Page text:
Professional Jeweler Archive: Profitable Repairs: When to Seek Help

August 2001

Timepieces/Education & Repair

Profitable Repairs: When to Seek Help

Every watchmaker should know there are some watches he or she shouldn't repair

Some watches can be repaired, but not at your shop. You may not have the specialized equipment or a watchmaker with the skills to repair these models. Each watchmaker has to decide which jobs to turn away.

Where to Send It?

The first choice should be the factory-authorized service center. It has the most experience servicing that brand.

If a factory service center isn’t available, the work is best subcontracted to a competent shop. The Complete Guide to Watch Distribution and Service from the Federation of the Swiss Watch Industry lists factory-authorized repair centers. Contact the Federation at (201) 291-8811,

In addition, the American Watchmakers-Clockmakers Institute has a referral list of watch-repair specialists available on its Web site, at its headquarters and in classified advertising in its journal, Horological Times. Contact AWI at (866) 367-2924,

Inform the Customer

Always get your customer’s permission to send his or her watch out of your store for servicing or repairs. Never send it out without that permission and its declared value. The choice of carrier is yours, but fully insure the watch.

Contact the shop before sending the watch. Determine whether the shop is qualified to repair the watch in question and has adequate insurance to protect you against any loss.

If you have any doubts, don’t send the watch. If the customer is at all uncomfortable having the watch sent out, don’t accept the repair. Oral permission to send a watch out for repair works for our shop. If you desire, obtain written permission for additional protection.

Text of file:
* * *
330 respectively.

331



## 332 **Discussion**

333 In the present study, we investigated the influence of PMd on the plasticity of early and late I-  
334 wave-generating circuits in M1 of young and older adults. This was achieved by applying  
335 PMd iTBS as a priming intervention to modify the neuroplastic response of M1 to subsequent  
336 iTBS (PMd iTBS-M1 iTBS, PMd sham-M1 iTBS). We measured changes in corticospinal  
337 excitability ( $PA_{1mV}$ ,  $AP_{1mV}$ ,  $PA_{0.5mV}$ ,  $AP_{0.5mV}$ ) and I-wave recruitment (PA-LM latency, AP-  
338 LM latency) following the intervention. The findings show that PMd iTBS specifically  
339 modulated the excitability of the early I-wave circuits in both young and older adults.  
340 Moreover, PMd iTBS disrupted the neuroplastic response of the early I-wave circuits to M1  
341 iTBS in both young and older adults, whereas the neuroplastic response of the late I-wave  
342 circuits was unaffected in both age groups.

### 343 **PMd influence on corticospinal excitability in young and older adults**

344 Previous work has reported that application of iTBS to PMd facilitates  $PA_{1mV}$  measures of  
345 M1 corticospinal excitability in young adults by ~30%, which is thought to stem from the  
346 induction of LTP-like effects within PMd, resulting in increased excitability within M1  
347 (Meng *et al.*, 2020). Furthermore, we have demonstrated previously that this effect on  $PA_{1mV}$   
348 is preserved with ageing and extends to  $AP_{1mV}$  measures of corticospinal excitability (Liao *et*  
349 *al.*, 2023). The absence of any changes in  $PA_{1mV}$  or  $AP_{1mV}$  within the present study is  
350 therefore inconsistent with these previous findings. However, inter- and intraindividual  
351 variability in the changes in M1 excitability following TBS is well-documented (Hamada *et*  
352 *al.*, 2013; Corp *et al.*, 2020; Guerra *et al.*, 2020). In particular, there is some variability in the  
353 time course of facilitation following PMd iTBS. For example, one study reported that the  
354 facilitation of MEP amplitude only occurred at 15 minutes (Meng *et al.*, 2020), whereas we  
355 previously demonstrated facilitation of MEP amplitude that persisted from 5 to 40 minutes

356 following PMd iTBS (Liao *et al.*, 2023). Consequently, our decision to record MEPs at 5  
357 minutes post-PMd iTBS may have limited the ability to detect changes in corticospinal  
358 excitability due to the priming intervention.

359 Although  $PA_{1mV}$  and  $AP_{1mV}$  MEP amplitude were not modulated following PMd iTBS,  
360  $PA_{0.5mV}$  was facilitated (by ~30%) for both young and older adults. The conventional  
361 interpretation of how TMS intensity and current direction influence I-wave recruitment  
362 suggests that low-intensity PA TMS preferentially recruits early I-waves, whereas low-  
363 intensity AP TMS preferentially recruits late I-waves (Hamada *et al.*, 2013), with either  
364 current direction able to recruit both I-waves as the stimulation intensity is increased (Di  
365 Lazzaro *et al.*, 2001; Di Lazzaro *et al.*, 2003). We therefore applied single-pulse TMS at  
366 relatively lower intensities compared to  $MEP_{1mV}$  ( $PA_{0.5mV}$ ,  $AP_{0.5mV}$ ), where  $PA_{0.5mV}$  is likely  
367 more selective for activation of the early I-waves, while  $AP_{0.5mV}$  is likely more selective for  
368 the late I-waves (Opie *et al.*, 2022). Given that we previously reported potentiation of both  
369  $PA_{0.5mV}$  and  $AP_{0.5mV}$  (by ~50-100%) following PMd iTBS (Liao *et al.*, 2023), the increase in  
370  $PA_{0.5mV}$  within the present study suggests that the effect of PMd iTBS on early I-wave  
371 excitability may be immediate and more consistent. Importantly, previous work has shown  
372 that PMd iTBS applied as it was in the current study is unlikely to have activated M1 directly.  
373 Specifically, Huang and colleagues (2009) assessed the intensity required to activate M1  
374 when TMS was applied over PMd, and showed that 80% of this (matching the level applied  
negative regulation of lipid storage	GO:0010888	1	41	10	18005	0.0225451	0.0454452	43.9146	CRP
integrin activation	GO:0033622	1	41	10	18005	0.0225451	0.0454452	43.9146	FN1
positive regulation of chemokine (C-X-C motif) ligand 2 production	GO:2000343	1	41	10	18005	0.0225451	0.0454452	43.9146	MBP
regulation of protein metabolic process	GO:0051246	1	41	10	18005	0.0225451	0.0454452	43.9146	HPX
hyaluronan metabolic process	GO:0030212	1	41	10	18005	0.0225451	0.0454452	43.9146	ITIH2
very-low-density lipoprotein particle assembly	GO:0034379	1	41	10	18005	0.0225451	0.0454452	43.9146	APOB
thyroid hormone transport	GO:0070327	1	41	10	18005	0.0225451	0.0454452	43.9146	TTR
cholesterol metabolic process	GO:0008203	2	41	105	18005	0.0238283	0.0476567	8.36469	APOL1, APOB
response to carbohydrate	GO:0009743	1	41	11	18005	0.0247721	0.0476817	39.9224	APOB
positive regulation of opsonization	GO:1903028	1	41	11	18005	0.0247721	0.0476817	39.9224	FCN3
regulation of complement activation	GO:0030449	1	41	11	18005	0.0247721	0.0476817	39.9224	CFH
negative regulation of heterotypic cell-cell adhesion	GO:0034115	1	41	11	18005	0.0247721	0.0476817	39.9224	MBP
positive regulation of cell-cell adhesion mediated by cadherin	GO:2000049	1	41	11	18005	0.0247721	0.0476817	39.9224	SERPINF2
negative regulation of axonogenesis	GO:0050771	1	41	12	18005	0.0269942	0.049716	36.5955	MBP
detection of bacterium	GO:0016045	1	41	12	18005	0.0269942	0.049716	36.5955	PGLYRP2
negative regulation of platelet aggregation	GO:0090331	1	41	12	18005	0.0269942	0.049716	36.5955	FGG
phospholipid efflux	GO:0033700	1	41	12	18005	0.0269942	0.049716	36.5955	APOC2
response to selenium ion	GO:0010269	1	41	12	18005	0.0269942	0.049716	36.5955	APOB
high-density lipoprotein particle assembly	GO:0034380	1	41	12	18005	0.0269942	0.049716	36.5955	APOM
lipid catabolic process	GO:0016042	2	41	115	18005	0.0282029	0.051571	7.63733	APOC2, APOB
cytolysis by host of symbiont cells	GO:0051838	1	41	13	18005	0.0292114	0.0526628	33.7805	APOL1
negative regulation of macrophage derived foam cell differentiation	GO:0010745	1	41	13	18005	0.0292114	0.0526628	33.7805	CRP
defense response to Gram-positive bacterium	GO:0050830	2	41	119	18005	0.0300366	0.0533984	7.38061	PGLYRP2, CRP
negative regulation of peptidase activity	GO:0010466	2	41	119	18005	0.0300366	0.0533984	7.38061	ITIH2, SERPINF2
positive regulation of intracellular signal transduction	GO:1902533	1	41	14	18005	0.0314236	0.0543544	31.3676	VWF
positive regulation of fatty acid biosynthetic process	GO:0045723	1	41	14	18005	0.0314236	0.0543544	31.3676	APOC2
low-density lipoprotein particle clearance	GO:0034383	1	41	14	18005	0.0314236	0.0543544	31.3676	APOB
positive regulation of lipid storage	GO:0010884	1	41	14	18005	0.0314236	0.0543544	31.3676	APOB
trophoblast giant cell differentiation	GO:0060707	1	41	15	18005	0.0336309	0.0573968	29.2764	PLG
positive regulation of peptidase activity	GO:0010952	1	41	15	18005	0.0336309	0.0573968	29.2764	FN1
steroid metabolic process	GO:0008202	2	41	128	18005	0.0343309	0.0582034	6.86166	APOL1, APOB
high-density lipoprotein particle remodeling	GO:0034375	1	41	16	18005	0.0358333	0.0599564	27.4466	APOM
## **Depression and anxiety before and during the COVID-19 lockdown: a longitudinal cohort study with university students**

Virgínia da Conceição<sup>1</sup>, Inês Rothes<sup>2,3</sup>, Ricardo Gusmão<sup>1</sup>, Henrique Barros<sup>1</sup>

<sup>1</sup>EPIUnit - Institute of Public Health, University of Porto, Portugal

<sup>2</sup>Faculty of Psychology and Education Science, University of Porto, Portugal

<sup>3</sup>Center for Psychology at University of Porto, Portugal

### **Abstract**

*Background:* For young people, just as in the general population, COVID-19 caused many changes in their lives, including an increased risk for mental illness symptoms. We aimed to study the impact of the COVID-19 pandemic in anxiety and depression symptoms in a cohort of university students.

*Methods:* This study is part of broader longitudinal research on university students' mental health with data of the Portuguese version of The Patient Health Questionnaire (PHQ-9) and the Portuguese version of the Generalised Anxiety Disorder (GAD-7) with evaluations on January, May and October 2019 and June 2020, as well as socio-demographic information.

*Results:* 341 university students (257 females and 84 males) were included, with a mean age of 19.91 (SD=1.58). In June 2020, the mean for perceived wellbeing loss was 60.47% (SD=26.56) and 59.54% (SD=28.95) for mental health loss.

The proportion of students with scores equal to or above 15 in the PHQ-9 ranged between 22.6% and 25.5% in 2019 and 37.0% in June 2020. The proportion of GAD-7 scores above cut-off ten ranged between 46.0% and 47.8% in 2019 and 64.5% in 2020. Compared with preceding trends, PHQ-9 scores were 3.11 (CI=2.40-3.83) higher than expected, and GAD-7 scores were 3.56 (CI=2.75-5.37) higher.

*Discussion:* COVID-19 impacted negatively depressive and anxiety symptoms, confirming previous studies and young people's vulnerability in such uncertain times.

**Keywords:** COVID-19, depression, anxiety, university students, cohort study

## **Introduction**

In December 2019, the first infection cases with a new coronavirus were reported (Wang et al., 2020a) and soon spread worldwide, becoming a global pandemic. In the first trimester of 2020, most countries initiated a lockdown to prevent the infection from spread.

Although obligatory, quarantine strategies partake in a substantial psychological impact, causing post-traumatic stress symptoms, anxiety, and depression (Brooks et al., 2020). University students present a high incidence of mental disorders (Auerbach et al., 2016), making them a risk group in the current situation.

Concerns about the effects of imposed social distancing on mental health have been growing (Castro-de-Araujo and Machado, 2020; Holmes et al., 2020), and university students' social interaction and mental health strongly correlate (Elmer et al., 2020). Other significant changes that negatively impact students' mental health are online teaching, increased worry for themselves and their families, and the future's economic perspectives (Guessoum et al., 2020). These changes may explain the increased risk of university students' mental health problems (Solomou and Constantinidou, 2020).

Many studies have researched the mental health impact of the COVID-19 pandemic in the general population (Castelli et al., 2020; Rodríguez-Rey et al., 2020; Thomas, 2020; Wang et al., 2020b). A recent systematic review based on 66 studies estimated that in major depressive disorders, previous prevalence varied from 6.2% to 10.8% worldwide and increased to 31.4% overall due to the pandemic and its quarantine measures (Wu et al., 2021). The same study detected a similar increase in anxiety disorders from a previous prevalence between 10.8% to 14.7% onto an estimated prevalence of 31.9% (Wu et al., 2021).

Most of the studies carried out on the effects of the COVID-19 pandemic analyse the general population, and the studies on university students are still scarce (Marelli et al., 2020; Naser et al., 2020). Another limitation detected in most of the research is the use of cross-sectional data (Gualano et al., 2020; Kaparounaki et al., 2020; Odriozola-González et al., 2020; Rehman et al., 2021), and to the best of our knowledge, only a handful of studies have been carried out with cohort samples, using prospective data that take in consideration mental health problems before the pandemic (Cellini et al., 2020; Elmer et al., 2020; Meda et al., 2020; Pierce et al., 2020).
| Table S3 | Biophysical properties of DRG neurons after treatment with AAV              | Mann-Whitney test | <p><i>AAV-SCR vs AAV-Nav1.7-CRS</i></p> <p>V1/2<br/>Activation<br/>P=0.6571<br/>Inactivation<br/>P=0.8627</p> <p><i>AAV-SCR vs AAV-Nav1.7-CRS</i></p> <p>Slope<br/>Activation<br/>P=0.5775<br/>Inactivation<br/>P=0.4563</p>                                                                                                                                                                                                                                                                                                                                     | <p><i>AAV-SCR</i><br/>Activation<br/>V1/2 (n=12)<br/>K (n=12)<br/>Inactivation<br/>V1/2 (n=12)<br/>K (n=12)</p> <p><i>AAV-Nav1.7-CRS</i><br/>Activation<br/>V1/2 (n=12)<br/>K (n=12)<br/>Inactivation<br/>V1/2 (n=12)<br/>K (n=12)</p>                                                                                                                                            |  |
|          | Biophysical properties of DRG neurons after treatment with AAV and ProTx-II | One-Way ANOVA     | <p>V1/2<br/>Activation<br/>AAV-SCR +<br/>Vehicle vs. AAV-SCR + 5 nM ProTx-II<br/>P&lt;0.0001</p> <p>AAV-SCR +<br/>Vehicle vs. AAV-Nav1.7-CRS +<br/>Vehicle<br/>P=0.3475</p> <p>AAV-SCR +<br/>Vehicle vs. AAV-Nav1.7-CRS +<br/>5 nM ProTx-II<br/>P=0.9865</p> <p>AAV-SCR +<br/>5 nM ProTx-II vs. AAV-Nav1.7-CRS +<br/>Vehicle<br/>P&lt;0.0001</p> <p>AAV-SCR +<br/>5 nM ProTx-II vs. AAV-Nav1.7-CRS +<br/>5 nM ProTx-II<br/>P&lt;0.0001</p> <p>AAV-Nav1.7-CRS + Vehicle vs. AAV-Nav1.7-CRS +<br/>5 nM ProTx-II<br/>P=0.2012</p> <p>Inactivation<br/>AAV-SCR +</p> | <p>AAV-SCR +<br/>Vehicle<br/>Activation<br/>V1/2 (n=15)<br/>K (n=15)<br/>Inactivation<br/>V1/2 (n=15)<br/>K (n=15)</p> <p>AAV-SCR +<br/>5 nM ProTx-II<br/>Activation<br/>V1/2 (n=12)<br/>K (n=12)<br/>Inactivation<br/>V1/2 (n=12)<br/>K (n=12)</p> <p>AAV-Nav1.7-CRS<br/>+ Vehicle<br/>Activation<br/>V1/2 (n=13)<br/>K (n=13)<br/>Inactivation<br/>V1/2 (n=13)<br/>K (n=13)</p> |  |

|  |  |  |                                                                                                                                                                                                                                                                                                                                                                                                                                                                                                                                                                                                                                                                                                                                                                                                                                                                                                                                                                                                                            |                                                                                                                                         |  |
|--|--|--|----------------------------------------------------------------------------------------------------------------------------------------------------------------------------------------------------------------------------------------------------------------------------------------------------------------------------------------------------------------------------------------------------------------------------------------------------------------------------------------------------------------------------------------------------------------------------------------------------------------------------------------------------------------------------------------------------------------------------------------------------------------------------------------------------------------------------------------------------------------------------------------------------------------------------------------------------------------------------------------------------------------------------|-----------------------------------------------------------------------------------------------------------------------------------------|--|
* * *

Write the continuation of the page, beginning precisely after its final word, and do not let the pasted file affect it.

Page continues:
Check the Guarantee

Always check the guarantee policy of any outside repair shop you use, whether factory-authorized or independent. Ask about guarantees first to avoid unpleasant surprises when a repair is unsatisfactory.

Before delivering any watch to its owner, test its performance and carefully inspect it for any defect in the repair.

Determine the price to charge for these repairs by your own system for marking up work done by subcontractors and providing some profit.

Finally, never accept for repair any watch that may not run satisfactorily after being repaired. These jobs usually take far too long to repair and return as comebacks too often. In these cases, you lose money on the repair and – more importantly – you risk losing a good customer.

by Jack Kurdzionak, The Watchmaker, Stoneham, MA

©2001 Jack Kurdzionak

Jack Kurdzionak owns The Watchmaker, a watch retail and repair store in Stoneham, MA. He is a certified watchmaker, a columnist for Horological Times and secretary of the American Watchmakers-Clockmakers Institute.

Copyright © 2001 by Bond Communications